(Some information for this story provided by Ullico Communications Dept.)

Rest in peace brother Ed Smith

Ed Smith, 70, born in Cairo, Ill., began his career as a union laborer at the age of 13, following in the footsteps of his father Connell who was the business manager of Laborers Local 773, Marion, Ill. At the age of 21 Ed was elected Local 773’s business manager to succeed his dad.

Noted the Ullico announcement of his death: “…he thought of the Labor Movement as his calling rather than a job.”

Said Governor JB Pritzker at the Smith memorial service Jan. 13, “Everyone here know that Labor was in Ed’s blood. It wasn’t about making his father proud — although I have no doubt he was. It was about genuinely helping people — serving the community that raised  him. And nothing was going to get in young Ed’s way.”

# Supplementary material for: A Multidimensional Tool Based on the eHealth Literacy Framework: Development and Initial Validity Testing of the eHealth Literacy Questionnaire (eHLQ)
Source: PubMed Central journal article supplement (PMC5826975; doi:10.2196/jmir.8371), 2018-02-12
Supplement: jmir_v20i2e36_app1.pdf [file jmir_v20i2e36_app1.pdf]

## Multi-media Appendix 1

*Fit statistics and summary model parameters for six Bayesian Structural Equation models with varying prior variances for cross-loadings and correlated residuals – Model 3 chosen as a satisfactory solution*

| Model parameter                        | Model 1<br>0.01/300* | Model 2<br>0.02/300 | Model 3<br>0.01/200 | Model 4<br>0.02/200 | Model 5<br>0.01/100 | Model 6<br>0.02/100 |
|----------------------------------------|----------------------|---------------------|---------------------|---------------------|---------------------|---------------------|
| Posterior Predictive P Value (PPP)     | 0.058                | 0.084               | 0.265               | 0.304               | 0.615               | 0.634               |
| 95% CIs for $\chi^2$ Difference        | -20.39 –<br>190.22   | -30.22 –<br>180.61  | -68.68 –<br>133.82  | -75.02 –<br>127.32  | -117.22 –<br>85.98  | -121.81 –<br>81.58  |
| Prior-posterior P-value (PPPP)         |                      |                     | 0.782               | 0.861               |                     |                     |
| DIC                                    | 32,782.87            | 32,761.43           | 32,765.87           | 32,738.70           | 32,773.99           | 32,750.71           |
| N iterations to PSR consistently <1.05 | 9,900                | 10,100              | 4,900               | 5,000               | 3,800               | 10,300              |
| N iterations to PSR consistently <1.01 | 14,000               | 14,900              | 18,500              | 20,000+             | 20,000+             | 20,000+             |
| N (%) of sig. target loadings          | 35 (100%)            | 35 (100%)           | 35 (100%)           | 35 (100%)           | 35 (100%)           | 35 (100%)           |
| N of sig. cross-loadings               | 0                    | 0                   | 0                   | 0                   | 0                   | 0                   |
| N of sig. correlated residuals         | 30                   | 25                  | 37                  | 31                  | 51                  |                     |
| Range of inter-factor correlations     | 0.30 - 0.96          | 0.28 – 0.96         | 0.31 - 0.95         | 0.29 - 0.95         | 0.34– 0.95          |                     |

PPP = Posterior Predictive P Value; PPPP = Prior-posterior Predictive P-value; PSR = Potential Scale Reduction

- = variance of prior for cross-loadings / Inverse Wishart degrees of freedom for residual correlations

The first member of LiUNA to graduate from the National Labor College and a graduate of the Harvard University Trade Union Program, Brother Smith served as business manager of the Southern Illinois Laborers District Council (where he led 40 organizing campaigns across Southern Illinois in the 70s and 80s, expanding the region from three to 10 states), chairman of the Central Laborers’ Pension Fund, International Vice President and Midwest Regional Manager (serving over 58,000 members), and ultimately as assistant to the General President. He earned a seat on the LiUNA Executive Board and an appointment to the Illinois State Board of Investments—eventually becoming its chairman.

In 2008 Brother Smith took over a financially troubled Ullico as its president, ultimately creating the nation’s only union-owned insurance and investment company where unions’ pension funds would be invested with companies and real estate investments across America that benefitted union members.

In 2011 he was elected the company’s CEO, a position he held till his death.